The researchers, who describe their experiments in the Dec. 3 edition of the journal Cell, show how hair cells in the inner ear can be activated in the absence...

Im Focus: Climate study finds evidence of global shift in the 1980s

Planet Earth experienced a global climate shift in the late 1980s on an unprecedented scale, fuelled by anthropogenic warming and a volcanic eruption, according to new research published this week.

Scientists say that a major step change, or ‘regime shift’, in the Earth’s biophysical systems, from the upper atmosphere to the depths of the ocean and from...

Im Focus: Innovative Photovoltaics – from the Lab to the Façade

Fraunhofer ISE Demonstrates New Cell and Module Technologies on its Outer Building Façade

The Fraunhofer Institute for Solar Energy Systems ISE has installed 70 photovoltaic modules on the outer façade of one of its lab buildings. The modules were...

Im Focus: Lactate for Brain Energy

Nerve cells cover their high energy demand with glucose and lactate. Scientists of the University of Zurich now provide new support for this. They show for the first time in the intact mouse brain evidence for an exchange of lactate between different brain cells. With this study they were able to confirm a 20-year old hypothesis.

In comparison to other organs, the human brain has the highest energy requirements. The supply of energy for nerve cells and the particular role of lactic acid...

Im Focus: Laser process simulation available as app for first time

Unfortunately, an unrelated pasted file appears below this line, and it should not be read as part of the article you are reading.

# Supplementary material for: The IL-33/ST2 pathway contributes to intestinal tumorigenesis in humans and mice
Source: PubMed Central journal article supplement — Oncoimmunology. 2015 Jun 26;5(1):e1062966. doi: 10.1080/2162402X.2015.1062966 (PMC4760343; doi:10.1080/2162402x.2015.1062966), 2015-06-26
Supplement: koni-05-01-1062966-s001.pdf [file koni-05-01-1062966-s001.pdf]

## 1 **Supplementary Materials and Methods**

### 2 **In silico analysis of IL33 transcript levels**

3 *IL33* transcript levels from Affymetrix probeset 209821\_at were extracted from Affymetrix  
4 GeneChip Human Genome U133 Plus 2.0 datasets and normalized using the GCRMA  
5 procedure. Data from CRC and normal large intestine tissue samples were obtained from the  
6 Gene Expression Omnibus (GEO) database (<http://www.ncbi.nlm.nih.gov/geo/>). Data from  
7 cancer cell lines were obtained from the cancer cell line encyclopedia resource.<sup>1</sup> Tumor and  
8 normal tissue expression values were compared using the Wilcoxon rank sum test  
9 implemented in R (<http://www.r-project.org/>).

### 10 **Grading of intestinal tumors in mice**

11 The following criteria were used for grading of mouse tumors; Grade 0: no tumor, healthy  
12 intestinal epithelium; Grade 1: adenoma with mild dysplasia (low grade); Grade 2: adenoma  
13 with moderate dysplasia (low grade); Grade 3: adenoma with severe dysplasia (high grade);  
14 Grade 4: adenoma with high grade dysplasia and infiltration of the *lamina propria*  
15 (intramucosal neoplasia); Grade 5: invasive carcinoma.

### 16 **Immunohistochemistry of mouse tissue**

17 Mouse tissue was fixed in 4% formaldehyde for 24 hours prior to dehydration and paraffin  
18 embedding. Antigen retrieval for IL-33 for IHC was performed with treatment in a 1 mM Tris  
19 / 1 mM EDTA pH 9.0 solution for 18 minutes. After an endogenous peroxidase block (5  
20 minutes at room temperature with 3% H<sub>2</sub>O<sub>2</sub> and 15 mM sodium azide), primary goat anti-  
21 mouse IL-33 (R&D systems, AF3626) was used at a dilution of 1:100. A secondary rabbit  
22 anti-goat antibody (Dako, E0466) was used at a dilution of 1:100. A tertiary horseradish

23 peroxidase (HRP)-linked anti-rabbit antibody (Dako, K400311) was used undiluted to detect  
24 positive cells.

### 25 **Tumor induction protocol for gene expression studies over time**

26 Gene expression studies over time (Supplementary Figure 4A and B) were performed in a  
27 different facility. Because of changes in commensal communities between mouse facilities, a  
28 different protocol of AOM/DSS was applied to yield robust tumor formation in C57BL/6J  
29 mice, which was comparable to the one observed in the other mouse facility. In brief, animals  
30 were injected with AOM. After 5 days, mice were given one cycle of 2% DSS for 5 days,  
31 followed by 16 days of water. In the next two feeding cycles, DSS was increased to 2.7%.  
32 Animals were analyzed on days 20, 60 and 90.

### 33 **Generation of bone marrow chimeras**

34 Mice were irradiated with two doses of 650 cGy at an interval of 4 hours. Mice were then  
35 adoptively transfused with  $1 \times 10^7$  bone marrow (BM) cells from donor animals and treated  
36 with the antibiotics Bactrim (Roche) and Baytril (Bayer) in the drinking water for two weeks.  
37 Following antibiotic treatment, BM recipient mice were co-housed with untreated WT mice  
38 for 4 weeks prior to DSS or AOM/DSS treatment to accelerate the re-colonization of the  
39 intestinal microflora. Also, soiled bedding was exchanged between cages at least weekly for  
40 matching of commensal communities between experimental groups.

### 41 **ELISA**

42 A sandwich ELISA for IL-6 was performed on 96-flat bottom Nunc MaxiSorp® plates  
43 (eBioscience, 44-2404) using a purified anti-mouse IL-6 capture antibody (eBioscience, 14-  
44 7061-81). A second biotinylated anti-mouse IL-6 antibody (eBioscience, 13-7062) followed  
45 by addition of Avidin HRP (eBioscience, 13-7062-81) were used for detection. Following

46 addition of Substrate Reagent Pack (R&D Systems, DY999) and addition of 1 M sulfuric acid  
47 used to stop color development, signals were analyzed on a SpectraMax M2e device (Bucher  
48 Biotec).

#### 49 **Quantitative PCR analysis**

In laser material processing, the simulation of processes has made great strides over the past few years. Today, the software can predict relatively well what will happen on the workpiece. Unfortunately, it is also highly complex and requires a lot of computing time. Thanks to clever simplification, experts from Fraunhofer ILT are now able to offer the first-ever simulation software that calculates processes in real time and also runs on tablet computers and smartphones. The fast software enables users to do without expensive experiments and to find optimum process parameters even more effectively.

Before now, the reliable simulation of laser processes was a job for experts. Armed with sophisticated software packages and after many hours on computer...

All Focus news of the innovation-report >>>



Event News

Urbanisation and migration from rural areas challenging agriculture in Eastern Europe

30.11.2015 | Event News

Fraunhofer’s Urban Futures Conference: 2 days in the city of the future

25.11.2015 | Event News

Gluten oder nicht Gluten? Überempfindlichkeit auf Weizen kann unterschiedliche Ursachen haben

17.11.2015 | Event News

Latest News

Teamplay IT solution enables more efficient use of protocols

30.11.2015 | Trade Fair News

Greater efficiency and potentially reduced costs with new MRI applications

30.11.2015 | Trade Fair News

Modular syngo.plaza as a comprehensive solution – even for enterprise radiology

30.11.2015 | Trade Fair News

More VideoLinks >>>